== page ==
Here again, the structure of the discourse, the categories used (and suggested) and the dichotomies they refer to pertain to the double Great Divide: “They,” “Japanese” (therefore non-Western), i.e. squatting mankind (i.e. what the human body was “naturally” built for), are doing much better than “We,” “Western,” i.e. sitting mankind who lost the range of motion allowing us to “naturally” squat.
No wonder that Starrett posted the article “Why Can’t Everyone Do the ‘Asian Squat’?” published in The Atlantic, accompanied by the comment “Humans are born squatters”. Again, the narrative structure of both the article and Starrett’s comment to it are quite obvious: Humans are “naturally” squatters, but “we” have lost it. To the contrary, “Asians,” they, not only never lost the ability to squat, but all of them do it everywhere and all the time. We seem to be radically different, and the ability to squat shows it.
Ido Portal, another well-known trainer and movement practitioner, as for him, praises the value of the squat by proposing the playful “Squat 30/30 Challenge”. The challenge consists in (trying to) stay in a squat position for 30 minutes per day. The first post by Portal on the Facebook group page dedicated to the challenge is a drawing of a squatting person, accompanied by the following message:
Squat 30/30 Challenge Squat- a basic human position. Original human use: REST. Having difficulty squatting? Lets work on it! For the next 30 days spend 30 min a day of ass to grass, relaxed spine, fiat foot squat . . . and get HUGE benefits in mobility, knee and hip health, digestion and more! Join the ‘Squat 30/30 Challenge’ FB group and post your picture and experiences – support each other! . . .
As Starrett, Portal and his followers depict the squat as “natural” for human beings and thus trace “nature” in its radical separation from “civilization” (First Great Divide). I found this example, posted on the Facebook group page dedicated to the challenge, very telling:
Taken from the Facebook page of the 30/30 Squat Challenge.
There are many examples found online with the very same type of argumentation down to the rhetoric and narrative architecture: “We” have lost the “natural” squatting position, while “They” (broadly understood as Premoderns, such as in this example, and/or “Non-Westerns”) still use it (and they were/are right to do so!). This last example sums it up pretty well:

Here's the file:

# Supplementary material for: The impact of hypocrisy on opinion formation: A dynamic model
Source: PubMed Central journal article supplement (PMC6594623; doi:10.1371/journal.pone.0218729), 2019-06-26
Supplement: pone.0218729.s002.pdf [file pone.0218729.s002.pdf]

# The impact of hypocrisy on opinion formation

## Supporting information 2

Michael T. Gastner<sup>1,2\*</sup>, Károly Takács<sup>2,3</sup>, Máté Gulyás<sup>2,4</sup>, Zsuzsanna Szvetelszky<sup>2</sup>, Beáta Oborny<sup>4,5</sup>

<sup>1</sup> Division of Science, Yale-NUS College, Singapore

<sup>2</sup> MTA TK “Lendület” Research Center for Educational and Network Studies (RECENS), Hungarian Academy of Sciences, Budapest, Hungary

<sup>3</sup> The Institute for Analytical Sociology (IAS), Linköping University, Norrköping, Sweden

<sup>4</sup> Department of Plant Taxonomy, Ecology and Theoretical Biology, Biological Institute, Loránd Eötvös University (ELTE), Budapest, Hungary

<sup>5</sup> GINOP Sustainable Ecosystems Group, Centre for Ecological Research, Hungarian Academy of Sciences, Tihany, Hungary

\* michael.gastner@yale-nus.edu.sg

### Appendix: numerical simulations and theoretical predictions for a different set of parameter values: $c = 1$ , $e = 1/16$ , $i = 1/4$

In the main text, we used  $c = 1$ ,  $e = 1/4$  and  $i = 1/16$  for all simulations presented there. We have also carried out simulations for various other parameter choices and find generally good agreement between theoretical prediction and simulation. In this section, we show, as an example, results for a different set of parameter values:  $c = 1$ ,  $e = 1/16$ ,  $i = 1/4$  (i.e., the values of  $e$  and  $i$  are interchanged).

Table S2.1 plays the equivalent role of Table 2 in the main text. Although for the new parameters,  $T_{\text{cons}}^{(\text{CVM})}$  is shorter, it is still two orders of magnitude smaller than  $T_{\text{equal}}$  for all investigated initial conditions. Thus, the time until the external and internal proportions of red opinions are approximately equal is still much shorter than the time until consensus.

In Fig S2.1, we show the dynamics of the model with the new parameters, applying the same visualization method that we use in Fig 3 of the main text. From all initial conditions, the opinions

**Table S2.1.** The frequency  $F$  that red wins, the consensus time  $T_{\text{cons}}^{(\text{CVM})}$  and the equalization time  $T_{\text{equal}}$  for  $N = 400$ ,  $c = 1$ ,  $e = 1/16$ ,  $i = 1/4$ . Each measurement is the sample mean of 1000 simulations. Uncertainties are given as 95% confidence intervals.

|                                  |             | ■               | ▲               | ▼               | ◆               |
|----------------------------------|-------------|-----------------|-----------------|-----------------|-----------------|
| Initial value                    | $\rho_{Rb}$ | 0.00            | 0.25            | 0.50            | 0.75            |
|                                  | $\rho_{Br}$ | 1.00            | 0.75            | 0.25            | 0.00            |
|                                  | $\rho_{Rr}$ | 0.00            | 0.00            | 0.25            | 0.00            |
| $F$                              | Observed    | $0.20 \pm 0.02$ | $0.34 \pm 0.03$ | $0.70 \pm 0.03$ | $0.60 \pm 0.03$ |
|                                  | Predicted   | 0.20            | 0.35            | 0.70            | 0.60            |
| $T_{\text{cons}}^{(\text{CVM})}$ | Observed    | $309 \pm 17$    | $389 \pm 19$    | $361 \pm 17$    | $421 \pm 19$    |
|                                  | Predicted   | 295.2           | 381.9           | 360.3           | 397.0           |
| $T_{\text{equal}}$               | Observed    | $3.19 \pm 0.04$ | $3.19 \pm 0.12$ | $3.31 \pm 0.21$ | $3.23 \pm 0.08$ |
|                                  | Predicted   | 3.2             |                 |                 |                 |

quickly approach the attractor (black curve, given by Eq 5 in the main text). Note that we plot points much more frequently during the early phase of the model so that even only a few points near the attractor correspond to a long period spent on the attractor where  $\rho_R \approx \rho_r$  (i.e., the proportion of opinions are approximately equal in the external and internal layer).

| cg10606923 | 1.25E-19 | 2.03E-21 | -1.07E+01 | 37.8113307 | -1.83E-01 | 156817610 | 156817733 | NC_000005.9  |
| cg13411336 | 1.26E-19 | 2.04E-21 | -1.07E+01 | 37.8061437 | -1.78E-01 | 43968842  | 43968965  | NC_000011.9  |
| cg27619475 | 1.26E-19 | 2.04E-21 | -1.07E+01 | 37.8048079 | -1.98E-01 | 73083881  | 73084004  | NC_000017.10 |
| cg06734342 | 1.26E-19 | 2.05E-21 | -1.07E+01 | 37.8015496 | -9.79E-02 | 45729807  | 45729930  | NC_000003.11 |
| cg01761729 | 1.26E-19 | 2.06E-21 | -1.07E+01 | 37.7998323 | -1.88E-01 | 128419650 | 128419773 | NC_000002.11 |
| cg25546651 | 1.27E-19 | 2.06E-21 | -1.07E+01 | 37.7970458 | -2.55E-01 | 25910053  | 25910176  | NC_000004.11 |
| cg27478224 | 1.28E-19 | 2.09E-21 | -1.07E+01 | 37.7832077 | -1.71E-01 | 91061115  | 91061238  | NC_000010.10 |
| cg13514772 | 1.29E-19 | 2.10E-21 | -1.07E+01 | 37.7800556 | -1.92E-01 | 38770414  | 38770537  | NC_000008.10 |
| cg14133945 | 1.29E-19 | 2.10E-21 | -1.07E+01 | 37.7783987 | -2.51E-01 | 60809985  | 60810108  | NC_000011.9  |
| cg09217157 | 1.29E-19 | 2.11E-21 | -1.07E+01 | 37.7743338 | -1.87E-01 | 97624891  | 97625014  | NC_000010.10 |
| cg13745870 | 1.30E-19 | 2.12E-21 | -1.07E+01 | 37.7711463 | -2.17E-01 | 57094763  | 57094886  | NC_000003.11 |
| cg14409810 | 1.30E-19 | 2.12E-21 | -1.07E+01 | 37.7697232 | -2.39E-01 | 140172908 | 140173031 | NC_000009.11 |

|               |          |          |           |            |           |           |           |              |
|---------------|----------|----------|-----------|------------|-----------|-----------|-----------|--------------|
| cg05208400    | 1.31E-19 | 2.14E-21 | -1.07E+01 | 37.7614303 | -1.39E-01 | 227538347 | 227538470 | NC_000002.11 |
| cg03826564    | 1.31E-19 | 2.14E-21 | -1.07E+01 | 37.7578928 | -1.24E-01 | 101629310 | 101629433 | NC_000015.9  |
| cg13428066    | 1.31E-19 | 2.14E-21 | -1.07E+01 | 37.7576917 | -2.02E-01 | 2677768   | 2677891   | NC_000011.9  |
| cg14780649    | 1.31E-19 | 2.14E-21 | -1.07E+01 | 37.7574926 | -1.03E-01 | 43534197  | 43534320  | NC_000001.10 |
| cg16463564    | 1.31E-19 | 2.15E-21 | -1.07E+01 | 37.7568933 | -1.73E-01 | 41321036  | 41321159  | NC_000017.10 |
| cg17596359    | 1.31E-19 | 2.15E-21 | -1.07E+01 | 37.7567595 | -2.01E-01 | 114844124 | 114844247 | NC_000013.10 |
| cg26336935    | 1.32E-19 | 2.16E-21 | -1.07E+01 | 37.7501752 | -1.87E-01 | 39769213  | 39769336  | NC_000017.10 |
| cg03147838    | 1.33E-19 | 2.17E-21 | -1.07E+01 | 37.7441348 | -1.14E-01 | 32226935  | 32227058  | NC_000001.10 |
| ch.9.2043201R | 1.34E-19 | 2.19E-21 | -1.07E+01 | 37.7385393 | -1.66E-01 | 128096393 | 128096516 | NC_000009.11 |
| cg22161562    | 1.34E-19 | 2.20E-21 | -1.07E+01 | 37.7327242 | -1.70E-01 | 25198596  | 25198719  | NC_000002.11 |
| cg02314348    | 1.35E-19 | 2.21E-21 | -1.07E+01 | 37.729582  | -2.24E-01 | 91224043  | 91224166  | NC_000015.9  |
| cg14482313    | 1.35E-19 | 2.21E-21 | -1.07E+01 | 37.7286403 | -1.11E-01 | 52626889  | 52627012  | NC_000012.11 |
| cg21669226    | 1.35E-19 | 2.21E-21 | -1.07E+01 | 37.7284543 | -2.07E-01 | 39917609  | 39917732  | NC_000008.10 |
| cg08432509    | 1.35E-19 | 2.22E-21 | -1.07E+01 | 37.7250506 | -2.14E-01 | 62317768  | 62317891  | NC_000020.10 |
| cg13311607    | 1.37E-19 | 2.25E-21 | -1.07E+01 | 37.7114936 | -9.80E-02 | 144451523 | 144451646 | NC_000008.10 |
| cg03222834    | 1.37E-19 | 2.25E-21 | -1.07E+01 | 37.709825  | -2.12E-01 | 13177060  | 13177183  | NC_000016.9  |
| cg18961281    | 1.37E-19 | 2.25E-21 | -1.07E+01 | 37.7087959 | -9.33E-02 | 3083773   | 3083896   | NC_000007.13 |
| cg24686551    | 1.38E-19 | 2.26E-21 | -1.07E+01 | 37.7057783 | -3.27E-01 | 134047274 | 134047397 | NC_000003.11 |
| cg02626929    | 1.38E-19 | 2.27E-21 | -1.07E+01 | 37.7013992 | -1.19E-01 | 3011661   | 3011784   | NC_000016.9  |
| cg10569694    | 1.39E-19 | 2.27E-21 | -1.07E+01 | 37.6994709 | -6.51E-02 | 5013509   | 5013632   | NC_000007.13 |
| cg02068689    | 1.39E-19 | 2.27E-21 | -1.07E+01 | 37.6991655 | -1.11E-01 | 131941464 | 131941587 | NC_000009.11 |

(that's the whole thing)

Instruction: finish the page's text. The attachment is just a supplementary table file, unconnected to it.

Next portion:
Posted on a social media platform by Protocole 2PM, a French fitness and physical therapy center, this picture is accompanied by the following text (my translation):
Mankind has always used this natural sitting position to manipulate objects, to rest, to play, to urinate, or to defecate.
Besides, it’s a natural position for the baby while playing.
The use of furniture from Western culture (chairs and tables, toilets, etc.) tends to forget this position in favor of a 90-degree seat.
This is much less the case in the Asian or the African culture for instance.
As the squat and its representations serve as tracers to divide “nature” and “civilization”, as well as “We” vs. “They”, the resulting ontological dichotomies set the ground to operate as part of a boundary making and identity building process that is articulated on the mode of reversed orientalism, by reversing respectively the values attached to each pole, such as in the title Nature knows best, and, furthermore, the indexicality of who “We” and respectively “They” point to. Thus, the squat becomes a marker of who “We” are, radically different from “They” who don’t squat. The resulting identity produced is very often linked to a territory or a “culture,” such as “Asia”, as it is the case in the telling example of this video, “Why Asians Can Do The Asian Squat,” in which the very ability to squat is plotted as a strong signifier of “Asianness” among second or third generation of Asians in the United States. Note that along with this shift, there is a move from the squat as depicted to the ability to squat that becomes depicting.
I’ll leave this first part with an open question: Have you ever made the actual experience of (trying to) squatting? This is an important move—in all senses of the term—as it allows to move from a reflexive, representationalist analysis to a recursive, experiential one. Stay tuned for part 2.